Spotted Handfish Facts
- The most noteworthy fact about the Spotted Handfish is their moderate air of mystery. They’re a very rare ocean species, and not well studied. Yet, what we do know about them fascinates marine biologists.
- Their name derives from the presence of rather highly adapted pectoral fins which resemble human hands and are used to “walk” along the ocean floor. While they remain fully capable of swimming, of course, they actually “walk” more than they swim.
- Due to their rarity, the IUCN lists them on their Red List as Critically Endangered. The species also inhabit an extremely limited territorial range: the estuary of the Derwent River, in Tasmania, and surrounding areas. Sadly, as a result, they’re highly vulnerable to many dangers.
Spotted Handfish Physical Description
The interesting and quite different Spotted Handfish ranks as a most unusual creature. Most of all, their specialized pectoral fins cause them to stand out from other fish. These human hand-shaped fins serve as means of locomotion…but along the ocean floor, instead of via swimming.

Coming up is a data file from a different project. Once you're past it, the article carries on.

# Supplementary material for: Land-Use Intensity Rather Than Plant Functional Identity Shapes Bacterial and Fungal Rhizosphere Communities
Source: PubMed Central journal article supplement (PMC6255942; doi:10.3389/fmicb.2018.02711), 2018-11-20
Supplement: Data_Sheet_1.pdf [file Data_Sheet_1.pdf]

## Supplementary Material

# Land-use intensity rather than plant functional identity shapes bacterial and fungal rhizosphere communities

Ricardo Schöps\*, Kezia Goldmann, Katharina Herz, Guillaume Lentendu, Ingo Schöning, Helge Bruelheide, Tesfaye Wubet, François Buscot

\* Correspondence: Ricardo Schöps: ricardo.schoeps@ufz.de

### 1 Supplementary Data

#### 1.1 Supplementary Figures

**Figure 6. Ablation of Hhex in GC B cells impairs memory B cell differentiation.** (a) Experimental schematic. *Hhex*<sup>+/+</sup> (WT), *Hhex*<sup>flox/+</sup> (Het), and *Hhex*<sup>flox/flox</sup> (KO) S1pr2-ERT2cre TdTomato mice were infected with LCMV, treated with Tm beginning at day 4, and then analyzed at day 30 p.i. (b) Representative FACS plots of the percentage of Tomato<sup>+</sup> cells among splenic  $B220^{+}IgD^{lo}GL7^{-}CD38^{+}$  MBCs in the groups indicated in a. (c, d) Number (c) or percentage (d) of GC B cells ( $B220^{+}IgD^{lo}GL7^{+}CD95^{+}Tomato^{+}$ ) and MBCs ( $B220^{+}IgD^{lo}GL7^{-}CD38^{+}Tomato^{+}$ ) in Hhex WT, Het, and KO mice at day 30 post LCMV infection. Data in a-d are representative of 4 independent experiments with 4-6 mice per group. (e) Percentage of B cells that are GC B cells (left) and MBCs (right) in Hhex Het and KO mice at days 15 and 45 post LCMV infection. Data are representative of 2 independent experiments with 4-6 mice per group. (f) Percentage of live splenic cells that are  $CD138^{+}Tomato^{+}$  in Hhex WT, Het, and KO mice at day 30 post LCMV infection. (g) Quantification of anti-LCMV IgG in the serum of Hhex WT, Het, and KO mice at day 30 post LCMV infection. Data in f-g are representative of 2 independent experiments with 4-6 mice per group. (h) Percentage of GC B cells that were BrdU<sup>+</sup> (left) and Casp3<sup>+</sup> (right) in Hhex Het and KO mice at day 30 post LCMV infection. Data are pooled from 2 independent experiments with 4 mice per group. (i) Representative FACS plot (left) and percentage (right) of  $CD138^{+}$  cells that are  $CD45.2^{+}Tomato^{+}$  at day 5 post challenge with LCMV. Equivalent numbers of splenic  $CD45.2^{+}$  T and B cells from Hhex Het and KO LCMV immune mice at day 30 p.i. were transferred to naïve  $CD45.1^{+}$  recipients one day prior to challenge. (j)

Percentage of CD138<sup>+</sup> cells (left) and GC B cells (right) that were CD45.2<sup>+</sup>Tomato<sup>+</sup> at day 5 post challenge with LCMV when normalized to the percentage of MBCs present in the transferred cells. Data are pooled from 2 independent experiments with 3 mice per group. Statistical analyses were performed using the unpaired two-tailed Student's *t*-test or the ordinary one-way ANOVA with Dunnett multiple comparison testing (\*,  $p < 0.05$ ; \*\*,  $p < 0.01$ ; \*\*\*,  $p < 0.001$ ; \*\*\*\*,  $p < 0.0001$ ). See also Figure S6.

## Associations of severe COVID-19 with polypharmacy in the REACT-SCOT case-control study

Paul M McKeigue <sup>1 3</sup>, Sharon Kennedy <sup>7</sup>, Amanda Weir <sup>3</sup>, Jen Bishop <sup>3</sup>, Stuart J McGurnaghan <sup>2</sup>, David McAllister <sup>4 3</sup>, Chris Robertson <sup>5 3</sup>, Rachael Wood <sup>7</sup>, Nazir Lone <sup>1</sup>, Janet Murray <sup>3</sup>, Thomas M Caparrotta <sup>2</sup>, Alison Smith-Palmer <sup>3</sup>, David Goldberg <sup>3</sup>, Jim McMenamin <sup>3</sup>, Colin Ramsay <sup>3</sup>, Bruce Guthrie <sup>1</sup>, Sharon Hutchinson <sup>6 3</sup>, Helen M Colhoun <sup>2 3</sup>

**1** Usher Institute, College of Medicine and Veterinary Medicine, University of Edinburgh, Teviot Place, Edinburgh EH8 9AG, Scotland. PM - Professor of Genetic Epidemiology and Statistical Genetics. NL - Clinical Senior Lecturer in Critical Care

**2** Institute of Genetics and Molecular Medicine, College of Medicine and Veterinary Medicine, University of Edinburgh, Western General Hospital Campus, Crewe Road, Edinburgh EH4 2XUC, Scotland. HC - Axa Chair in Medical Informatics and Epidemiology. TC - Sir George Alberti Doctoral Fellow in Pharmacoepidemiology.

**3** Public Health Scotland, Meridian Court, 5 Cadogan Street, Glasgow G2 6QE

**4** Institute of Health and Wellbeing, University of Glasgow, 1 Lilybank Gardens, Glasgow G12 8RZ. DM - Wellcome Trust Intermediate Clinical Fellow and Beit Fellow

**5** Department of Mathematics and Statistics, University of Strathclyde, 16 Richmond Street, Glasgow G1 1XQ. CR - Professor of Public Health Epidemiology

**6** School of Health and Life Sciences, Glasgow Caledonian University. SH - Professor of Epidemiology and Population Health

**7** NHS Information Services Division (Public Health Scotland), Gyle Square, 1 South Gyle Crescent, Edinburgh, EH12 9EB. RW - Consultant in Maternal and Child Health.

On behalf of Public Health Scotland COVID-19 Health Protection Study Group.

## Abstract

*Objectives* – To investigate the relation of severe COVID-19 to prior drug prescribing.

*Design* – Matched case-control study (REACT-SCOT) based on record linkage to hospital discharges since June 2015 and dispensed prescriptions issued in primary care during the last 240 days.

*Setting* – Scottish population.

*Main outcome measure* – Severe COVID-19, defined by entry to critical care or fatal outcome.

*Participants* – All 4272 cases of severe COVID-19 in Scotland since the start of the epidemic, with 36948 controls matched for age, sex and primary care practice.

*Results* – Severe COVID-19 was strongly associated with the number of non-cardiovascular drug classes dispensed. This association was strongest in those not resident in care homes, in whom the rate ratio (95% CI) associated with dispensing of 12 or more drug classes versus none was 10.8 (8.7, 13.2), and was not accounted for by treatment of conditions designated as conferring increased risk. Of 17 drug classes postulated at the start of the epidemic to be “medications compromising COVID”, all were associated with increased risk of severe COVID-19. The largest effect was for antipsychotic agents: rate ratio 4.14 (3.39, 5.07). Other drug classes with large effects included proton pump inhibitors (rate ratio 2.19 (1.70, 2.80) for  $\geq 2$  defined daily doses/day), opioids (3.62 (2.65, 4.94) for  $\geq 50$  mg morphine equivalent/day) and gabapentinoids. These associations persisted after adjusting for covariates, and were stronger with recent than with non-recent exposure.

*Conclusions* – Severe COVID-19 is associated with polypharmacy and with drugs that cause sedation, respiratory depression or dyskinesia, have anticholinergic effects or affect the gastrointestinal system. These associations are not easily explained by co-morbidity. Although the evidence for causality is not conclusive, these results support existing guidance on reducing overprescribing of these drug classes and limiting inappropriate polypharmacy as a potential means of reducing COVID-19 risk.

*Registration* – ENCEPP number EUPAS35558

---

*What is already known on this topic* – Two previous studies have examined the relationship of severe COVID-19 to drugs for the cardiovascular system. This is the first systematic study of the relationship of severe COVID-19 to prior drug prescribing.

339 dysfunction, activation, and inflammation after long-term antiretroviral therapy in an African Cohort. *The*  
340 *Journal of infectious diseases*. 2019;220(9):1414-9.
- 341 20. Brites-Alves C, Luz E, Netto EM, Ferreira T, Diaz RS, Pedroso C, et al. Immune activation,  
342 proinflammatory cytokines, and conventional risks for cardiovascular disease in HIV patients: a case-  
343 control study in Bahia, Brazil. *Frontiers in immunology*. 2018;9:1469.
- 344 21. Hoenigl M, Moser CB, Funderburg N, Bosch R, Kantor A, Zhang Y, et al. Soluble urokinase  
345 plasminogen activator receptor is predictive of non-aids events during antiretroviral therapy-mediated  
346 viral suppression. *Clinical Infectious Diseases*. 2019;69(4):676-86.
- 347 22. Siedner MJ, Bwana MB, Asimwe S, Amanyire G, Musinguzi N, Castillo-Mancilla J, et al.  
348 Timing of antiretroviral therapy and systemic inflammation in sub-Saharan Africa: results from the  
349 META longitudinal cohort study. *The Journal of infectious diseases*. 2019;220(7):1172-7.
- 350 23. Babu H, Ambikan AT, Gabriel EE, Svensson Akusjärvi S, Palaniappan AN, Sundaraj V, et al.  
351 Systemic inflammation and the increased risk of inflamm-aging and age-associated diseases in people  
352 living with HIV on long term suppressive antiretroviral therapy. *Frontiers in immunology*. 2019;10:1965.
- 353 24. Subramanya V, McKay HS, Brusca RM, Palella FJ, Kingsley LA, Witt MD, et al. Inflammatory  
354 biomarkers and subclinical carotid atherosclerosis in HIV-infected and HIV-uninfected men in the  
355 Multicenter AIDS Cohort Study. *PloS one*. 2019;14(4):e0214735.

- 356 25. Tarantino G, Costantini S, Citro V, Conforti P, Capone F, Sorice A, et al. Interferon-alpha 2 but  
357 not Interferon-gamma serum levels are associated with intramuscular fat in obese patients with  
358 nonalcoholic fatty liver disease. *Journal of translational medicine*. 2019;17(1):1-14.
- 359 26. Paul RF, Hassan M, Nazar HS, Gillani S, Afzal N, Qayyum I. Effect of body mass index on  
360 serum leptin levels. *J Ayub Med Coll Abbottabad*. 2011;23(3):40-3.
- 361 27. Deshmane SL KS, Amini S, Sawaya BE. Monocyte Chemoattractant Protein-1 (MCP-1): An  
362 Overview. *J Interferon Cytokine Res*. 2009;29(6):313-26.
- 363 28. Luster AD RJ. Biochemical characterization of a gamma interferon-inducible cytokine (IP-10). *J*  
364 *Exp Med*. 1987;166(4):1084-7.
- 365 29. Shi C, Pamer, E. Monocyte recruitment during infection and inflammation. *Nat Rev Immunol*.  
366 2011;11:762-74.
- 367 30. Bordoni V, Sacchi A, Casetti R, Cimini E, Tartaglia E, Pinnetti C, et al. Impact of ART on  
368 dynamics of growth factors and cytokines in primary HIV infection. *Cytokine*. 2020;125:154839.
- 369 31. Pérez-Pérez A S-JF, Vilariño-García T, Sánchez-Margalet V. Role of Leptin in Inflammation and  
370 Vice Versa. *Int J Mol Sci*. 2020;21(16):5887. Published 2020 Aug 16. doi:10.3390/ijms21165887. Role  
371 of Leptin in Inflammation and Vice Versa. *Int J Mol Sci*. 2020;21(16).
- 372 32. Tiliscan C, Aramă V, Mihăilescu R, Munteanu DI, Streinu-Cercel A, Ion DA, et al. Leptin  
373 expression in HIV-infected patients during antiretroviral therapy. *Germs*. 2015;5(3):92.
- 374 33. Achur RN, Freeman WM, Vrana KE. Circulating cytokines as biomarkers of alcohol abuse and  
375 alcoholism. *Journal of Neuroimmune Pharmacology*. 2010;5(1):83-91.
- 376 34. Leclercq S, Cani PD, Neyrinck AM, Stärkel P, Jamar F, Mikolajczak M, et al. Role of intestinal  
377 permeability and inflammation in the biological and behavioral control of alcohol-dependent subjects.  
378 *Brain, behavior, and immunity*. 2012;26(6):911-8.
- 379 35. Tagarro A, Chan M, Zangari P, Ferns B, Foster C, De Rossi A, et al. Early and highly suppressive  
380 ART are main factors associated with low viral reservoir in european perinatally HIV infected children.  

While they possess distinctive features, the species remains a physically small one. Individuals rarely exceed 4.7 in (12 cm) in length, and most stay much smaller than that.
Their bodies display a cream-colored background, with numerous spots which are either light brown or yellow-brown. The pattern and number of these spots often vary significantly between individuals.
Species: B. hirsutus
Spotted Handfish Distribution, Habitat, and Ecology
The Spotted Handfish has a quite limited and precise territory range. They only inhabit the estuary of the Derwent River in Australia and nearby regions. Therefore, the lack of complete information about the Spotted Handfish occurs because of their scarcity, not inaccessibility.
While limited, their habitat consists of easily accessed spots. They live near the ocean floor, at shallow depths that do not exceed 98 ft (30 m).
While experts aren’t certain of their diet in the wild, they believe the fish feeds on shrimp, small shellfish, and amphipods.
Their mating habits also remain unknown, except for the fact that spawning occurs during September and October.
Due to their limited and vulnerable range, they remain highly threatened by climate change and possible habitat loss. They also face threats from an introduced species of starfish.